Internal note

As a kind of wrap to what I’ve written in the series thus far I thought, ‘This writing isn’t really giving much of a glimpse into the typographer’s brain; more like the brain stem.’ These principles I’ve covered aren’t what typographers talk about, just as musicians rarely discuss fingerings, or emergency room doctors their stitching technique. These become built-in, and felt, and what happens beyond that point in the creative process becomes much harder to describe. That’s where I want to go though. At least get to something concrete that articulates a principle better than, ‘You’ve just got to feel it.’ There’s wisdom in following one’s instincts, but if the reader doesn’t see the reasoning that leads to the platform from which the typographer instinctively leaps—to the next decision, little good it does. Those benefited are almost exclusively the readers who already understand the concept, those who also ‘just feel it.’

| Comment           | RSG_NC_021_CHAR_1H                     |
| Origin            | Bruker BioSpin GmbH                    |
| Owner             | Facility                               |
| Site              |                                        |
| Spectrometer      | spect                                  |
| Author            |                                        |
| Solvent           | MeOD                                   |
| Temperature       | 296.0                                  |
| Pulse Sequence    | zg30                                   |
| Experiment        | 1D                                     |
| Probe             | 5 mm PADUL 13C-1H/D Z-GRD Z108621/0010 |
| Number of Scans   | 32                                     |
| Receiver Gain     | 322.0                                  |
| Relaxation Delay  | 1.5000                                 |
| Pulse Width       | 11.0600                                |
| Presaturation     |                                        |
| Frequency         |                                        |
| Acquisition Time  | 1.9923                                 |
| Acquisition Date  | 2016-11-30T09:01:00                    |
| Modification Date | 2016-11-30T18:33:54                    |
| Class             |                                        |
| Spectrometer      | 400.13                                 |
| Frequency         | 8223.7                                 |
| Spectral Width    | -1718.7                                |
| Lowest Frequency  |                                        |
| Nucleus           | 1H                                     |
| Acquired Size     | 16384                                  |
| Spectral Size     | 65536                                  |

Anyway, forget all this. I’ll get to it and either strike gold or retreat. Today, and over the next couple of weeks, I want to talk more about what happens inside that typographer’s brain stem. And this is shop talk, the painter reviewing his list of brushes and ladders, the photographer his lenses. Kind of as a last final rundown, I want to go specifically over the conscious decisions made working with InDesign before the first project file opens.

General note on setting defaults